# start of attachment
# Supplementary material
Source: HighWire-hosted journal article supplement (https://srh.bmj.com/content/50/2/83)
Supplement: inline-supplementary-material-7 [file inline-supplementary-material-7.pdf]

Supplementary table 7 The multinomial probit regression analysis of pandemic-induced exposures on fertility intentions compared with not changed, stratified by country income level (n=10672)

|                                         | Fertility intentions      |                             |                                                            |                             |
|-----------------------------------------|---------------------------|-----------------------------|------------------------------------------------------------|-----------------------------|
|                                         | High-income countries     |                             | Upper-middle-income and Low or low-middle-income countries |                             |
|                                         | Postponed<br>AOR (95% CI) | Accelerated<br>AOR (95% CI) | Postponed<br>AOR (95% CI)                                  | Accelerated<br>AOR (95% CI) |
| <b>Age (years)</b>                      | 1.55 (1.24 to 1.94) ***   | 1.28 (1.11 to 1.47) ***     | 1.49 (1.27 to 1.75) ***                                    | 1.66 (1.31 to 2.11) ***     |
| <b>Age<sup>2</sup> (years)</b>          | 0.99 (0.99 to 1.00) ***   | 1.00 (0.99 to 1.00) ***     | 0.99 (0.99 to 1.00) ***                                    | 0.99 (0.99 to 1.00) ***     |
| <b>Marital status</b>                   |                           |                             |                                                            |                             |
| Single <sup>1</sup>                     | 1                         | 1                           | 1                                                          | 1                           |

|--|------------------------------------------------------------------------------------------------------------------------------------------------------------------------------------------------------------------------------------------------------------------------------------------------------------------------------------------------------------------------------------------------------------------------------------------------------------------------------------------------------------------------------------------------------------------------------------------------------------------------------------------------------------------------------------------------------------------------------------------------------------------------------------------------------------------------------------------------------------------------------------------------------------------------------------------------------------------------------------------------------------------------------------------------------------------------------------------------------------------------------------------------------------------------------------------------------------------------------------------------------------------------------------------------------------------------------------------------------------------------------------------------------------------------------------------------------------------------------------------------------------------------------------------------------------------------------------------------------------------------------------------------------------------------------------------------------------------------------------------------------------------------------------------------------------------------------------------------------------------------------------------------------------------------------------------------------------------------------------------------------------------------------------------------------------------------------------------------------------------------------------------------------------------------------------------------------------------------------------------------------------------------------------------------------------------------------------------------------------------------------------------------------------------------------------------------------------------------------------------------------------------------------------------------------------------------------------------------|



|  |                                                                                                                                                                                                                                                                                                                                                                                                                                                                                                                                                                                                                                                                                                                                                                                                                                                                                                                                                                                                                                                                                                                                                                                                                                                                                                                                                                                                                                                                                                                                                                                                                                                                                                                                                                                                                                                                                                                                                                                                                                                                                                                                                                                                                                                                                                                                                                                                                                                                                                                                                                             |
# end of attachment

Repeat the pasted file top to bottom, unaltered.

# Supplementary material
Source: HighWire-hosted journal article supplement (https://srh.bmj.com/content/50/2/83)
Supplement: inline-supplementary-material-7 [file inline-supplementary-material-7.pdf]

Supplementary table 7 The multinomial probit regression analysis of pandemic-induced exposures on fertility intentions compared with not changed, stratified by country income level (n=10672)

|                                         | Fertility intentions      |                             |                                                            |                             |
|-----------------------------------------|---------------------------|-----------------------------|------------------------------------------------------------|-----------------------------|
|                                         | High-income countries     |                             | Upper-middle-income and Low or low-middle-income countries |                             |
|                                         | Postponed<br>AOR (95% CI) | Accelerated<br>AOR (95% CI) | Postponed<br>AOR (95% CI)                                  | Accelerated<br>AOR (95% CI) |
| <b>Age (years)</b>                      | 1.55 (1.24 to 1.94) ***   | 1.28 (1.11 to 1.47) ***     | 1.49 (1.27 to 1.75) ***                                    | 1.66 (1.31 to 2.11) ***     |
| <b>Age<sup>2</sup> (years)</b>          | 0.99 (0.99 to 1.00) ***   | 1.00 (0.99 to 1.00) ***     | 0.99 (0.99 to 1.00) ***                                    | 0.99 (0.99 to 1.00) ***     |
| <b>Marital status</b>                   |                           |                             |                                                            |                             |
| Single <sup>1</sup>                     | 1                         | 1                           | 1                                                          | 1                           |

|--|------------------------------------------------------------------------------------------------------------------------------------------------------------------------------------------------------------------------------------------------------------------------------------------------------------------------------------------------------------------------------------------------------------------------------------------------------------------------------------------------------------------------------------------------------------------------------------------------------------------------------------------------------------------------------------------------------------------------------------------------------------------------------------------------------------------------------------------------------------------------------------------------------------------------------------------------------------------------------------------------------------------------------------------------------------------------------------------------------------------------------------------------------------------------------------------------------------------------------------------------------------------------------------------------------------------------------------------------------------------------------------------------------------------------------------------------------------------------------------------------------------------------------------------------------------------------------------------------------------------------------------------------------------------------------------------------------------------------------------------------------------------------------------------------------------------------------------------------------------------------------------------------------------------------------------------------------------------------------------------------------------------------------------------------------------------------------------------------------------------------------------------------------------------------------------------------------------------------------------------------------------------------------------------------------------------------------------------------------------------------------------------------------------------------------------------------------------------------------------------------------------------------------------------------------------------------------------------------|



|  |                                                                                                                                                                                                                                                                                                                                                                                                                                                                                                                                                                                                                                                                                                                                                                                                                                                                                                                                                                                                                                                                                                                                                                                                                                                                                                                                                                                                                                                                                                                                                                                                                                                                                                                                                                                                                                                                                                                                                                                                                                                                                                                                                                                                                                                                                                                                                                                                                                                                                                                                                                             |